Aetolia-Acarnania Regional Unit
Περιφερειακή Ενότητα Αιτωλοακαρνανίας
|Region :||West Greece|
|Area :||5,461 km²|
|Residents :||210,802 (2011)|
|Population density :||38.6 inhabitants / km²|
|NUTS 3 code no. :||EL631|
Aetolia-Acarnania ( modern Greek Αιτωλοακαρνανία Etoloakarnania ) is one of the three regional districts of the Greek region of Western Greece . It was established as a prefecture soon after Greece gained independence in 1833, but lost that status in 2011 due to the Greek administrative reform . Apart from the allocation of seats in the regional council, the area no longer has any political significance. The main town is Messolongi . In terms of area, Aetolia-Acarnania was the largest prefecture in Greece in 2010.
Aetolia-Acarnania is located in the southwest of mainland Greece. To the west it is delimited by the coastline of the Ionian Sea . To the north, the Ambracian Gulf forms the border in the western part , in the eastern part the Acheloos river borders the Epirus region . In the northeast, Aetolia-Acarnania borders on the Thessaly region and in the east on the region of Central Greece . The south of the prefecture is formed by the Gulf of Corinth in the eastern part to Andirrio and in the western part by the Gulf of Patras from Andirrio.
The landscape is very diverse. In the southwest, the Acheloos estuary dominates the landscape with a delta through wide plains with lagoons; the most famous, although not directly on the Acheloos, is the Mesolongi lagoon . The Acheloos and its course inland marked the border between the Aetolian landscape (south and east) and the Akarnania landscape (west and north) in antiquity and also today . The Acheloos meanders from Agrinio at the foot of the Panetoliko massif in the east of the prefecture to its confluence with the Ionian Sea at Iniades in a south-westerly direction. The Akarnan Mountains rise north of the Acheloos on the northern edge of its delta mouth. These mountain ranges delimit the Acheloos plain from the southern coast of the Ambracian Gulf . The Ionian island of Lefkada is very close to the mainland off the west coast . The southern coast of the Ambracian Gulf is hilly due to the northern foothills of the Ambracian Mountains. The most important settlement in this area is Vonitsa on the Ambracian Gulf.
The small town of Amfilochia can be found at the southeast tip of the Ambracian Gulf in the Bay of Amfilochia. It marks the beginning of the northern part of the prefecture in the Akarnanien landscape in a mental west-east line . The western foothills of the Pindus Mountains reach here as far as the east coast of the Ambracian Gulf. The northern border of the prefecture is again a plain, which is dominated by the course of a river. Here it is the Arachthos , which, coming from the northeast of Arta, forms the border between Aetolia-Acarnania and Epirus.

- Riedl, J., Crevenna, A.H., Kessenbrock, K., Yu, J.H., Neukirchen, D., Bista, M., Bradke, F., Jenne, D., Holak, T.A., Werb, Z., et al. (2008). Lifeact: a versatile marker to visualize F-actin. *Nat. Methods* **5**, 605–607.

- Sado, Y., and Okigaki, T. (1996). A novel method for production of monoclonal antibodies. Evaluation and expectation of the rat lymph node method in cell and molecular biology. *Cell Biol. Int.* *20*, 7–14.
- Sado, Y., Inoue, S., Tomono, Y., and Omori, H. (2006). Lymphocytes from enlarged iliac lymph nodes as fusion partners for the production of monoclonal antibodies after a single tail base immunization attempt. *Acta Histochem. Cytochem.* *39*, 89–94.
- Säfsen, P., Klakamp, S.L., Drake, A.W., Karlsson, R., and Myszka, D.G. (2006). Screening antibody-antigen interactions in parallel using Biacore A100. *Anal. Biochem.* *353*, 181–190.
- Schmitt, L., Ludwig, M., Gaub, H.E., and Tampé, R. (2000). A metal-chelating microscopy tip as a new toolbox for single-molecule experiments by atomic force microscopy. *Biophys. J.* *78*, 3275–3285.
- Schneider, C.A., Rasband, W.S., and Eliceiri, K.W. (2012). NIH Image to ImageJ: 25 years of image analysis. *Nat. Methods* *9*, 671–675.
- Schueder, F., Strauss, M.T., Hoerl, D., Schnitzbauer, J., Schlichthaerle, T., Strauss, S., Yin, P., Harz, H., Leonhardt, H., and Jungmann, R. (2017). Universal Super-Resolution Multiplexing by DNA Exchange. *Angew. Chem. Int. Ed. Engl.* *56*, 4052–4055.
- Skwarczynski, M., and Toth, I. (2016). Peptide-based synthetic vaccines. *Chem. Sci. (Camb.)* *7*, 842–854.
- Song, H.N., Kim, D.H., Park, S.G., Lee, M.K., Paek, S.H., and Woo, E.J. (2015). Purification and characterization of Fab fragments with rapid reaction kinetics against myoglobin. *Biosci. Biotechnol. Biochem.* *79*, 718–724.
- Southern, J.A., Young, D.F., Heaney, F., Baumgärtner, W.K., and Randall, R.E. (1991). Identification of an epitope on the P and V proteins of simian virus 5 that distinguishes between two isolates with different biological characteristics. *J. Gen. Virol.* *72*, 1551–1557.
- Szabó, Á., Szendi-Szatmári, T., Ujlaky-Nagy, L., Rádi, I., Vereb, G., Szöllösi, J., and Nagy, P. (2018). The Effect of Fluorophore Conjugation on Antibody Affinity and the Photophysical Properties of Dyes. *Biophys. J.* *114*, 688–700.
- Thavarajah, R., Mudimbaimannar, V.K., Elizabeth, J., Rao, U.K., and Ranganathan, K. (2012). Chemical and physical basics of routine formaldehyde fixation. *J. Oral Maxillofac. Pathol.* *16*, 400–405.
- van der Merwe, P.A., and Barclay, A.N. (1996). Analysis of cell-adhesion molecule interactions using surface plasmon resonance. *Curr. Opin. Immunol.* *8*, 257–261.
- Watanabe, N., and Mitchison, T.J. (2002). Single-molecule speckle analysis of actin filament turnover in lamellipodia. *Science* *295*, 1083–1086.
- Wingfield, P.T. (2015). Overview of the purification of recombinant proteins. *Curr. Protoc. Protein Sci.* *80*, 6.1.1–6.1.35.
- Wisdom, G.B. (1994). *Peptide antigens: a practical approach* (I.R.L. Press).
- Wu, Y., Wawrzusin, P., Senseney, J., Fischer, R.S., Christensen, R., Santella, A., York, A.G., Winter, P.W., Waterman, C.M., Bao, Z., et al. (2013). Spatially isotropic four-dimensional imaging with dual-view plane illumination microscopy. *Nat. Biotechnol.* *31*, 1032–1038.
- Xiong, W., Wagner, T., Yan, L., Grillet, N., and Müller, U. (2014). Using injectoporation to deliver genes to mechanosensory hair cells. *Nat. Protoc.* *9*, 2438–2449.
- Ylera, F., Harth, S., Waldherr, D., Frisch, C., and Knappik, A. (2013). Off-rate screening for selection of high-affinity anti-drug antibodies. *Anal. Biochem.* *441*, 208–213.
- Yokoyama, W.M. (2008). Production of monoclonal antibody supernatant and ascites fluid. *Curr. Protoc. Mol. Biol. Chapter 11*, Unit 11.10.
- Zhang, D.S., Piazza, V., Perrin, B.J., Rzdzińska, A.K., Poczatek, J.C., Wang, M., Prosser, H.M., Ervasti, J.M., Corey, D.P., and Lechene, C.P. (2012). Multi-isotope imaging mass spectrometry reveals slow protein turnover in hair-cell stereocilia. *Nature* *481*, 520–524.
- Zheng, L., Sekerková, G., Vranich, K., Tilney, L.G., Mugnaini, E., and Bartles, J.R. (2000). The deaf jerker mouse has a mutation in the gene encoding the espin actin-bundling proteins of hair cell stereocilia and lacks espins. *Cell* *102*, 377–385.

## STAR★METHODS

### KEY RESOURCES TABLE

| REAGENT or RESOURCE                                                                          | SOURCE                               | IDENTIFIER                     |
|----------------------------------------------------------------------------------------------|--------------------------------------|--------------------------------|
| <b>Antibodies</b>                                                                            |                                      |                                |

In addition to the foothills of the Pindos massif, the east is determined by the chain of reservoirs on the Acheloos. While the highest situated Kremasta Reservoir only bordered on the Aetolia-Acarnania Prefecture, the Kastraki Reservoir and the Stratos Reservoir are located entirely in the Aetolia-Acarnania area. To the southeast, the Panetoliko massif delimits the Aetolian plain, which is largely determined by the largest lake in Greece: Lake Trichonida . North of the western end of Lake Trichonida is the largest city of Aetolia-Akarnania: Agrinio . Lysimachia Lake is adjacent . To the south of this begins the Etoliko lagoon with the city of the same name . It passes into the Mesolongi lagoon.
The south-east of the area is determined in its north by the plain extending to the east into the mountains with Lake Trichomida in the northern part. Further to the southeast, the Nafpaktia Mountains separated the plain of Lake Trichonida from the coast of the Gulf of Patras . Cape Andirrio, with Cape Rio and the resulting strait of Rio-Andirrio, separates the Gulf of Patras in the west from the Gulf of Corinth in the east. The Nafpaktia Mountains pull east past this cape and frame the city of Nafpaktos on the north coast of the western Gulf of Corinth. The mountains of Nafpaktias are separated from the Aetolian plain around Messolongi by the Evinos river or cut through in the upper reaches. To the east, the mountains of Nafpaktias merge into the mountains of Fokida and further into the southern foothills of the Pindos massif.
- Aerial photos of the prefecture (description in Greek).
- Results of the 2011 census at the National Statistical Service of Greece (ΕΛ.ΣΤΑΤ) ( Memento from June 27, 2015 in the Internet Archive ) (Excel document, 2.6 MB)